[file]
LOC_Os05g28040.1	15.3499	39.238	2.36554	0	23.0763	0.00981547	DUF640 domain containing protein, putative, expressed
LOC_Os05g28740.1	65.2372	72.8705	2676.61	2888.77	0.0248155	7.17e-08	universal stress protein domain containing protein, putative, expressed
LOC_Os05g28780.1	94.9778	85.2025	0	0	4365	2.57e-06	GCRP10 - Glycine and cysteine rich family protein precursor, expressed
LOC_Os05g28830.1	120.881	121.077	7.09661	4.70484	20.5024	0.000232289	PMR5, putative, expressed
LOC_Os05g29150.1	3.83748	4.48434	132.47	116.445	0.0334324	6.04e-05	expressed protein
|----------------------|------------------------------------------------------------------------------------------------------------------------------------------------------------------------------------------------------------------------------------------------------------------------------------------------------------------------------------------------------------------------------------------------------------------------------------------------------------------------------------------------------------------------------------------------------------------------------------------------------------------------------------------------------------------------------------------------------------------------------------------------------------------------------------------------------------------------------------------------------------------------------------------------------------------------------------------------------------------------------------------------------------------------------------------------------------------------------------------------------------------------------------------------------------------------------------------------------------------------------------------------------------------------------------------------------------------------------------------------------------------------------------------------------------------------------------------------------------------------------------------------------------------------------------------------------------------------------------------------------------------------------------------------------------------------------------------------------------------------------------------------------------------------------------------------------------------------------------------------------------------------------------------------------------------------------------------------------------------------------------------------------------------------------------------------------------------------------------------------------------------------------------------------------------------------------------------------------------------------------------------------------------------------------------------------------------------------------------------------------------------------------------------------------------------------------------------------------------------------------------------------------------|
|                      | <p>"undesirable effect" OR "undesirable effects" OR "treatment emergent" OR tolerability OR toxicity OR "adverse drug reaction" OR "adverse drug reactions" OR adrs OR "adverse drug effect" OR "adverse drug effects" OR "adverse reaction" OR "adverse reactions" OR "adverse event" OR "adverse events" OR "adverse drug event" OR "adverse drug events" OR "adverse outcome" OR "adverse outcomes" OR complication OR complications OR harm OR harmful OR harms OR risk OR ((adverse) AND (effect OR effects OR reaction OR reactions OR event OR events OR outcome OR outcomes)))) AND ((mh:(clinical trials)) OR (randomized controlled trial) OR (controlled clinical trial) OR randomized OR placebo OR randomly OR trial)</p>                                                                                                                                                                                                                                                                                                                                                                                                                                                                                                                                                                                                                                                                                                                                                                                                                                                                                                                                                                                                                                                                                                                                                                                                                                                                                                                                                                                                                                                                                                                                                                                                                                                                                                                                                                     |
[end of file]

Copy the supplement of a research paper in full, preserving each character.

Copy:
LOC_Os05g28040.1	15.3499	39.238	2.36554	0	23.0763	0.00981547	DUF640 domain containing protein, putative, expressed
LOC_Os05g28740.1	65.2372	72.8705	2676.61	2888.77	0.0248155	7.17e-08	universal stress protein domain containing protein, putative, expressed
LOC_Os05g28780.1	94.9778	85.2025	0	0	4365	2.57e-06	GCRP10 - Glycine and cysteine rich family protein precursor, expressed
LOC_Os05g28830.1	120.881	121.077	7.09661	4.70484	20.5024	0.000232289	PMR5, putative, expressed
LOC_Os05g29150.1	3.83748	4.48434	132.47	116.445	0.0334324	6.04e-05	expressed protein
|----------------------|------------------------------------------------------------------------------------------------------------------------------------------------------------------------------------------------------------------------------------------------------------------------------------------------------------------------------------------------------------------------------------------------------------------------------------------------------------------------------------------------------------------------------------------------------------------------------------------------------------------------------------------------------------------------------------------------------------------------------------------------------------------------------------------------------------------------------------------------------------------------------------------------------------------------------------------------------------------------------------------------------------------------------------------------------------------------------------------------------------------------------------------------------------------------------------------------------------------------------------------------------------------------------------------------------------------------------------------------------------------------------------------------------------------------------------------------------------------------------------------------------------------------------------------------------------------------------------------------------------------------------------------------------------------------------------------------------------------------------------------------------------------------------------------------------------------------------------------------------------------------------------------------------------------------------------------------------------------------------------------------------------------------------------------------------------------------------------------------------------------------------------------------------------------------------------------------------------------------------------------------------------------------------------------------------------------------------------------------------------------------------------------------------------------------------------------------------------------------------------------------------------|
|                      | <p>"undesirable effect" OR "undesirable effects" OR "treatment emergent" OR tolerability OR toxicity OR "adverse drug reaction" OR "adverse drug reactions" OR adrs OR "adverse drug effect" OR "adverse drug effects" OR "adverse reaction" OR "adverse reactions" OR "adverse event" OR "adverse events" OR "adverse drug event" OR "adverse drug events" OR "adverse outcome" OR "adverse outcomes" OR complication OR complications OR harm OR harmful OR harms OR risk OR ((adverse) AND (effect OR effects OR reaction OR reactions OR event OR events OR outcome OR outcomes)))) AND ((mh:(clinical trials)) OR (randomized controlled trial) OR (controlled clinical trial) OR randomized OR placebo OR randomly OR trial)</p>                                                                                                                                                                                                                                                                                                                                                                                                                                                                                                                                                                                                                                                                                                                                                                                                                                                                                                                                                                                                                                                                                                                                                                                                                                                                                                                                                                                                                                                                                                                                                                                                                                                                                                                                                                     |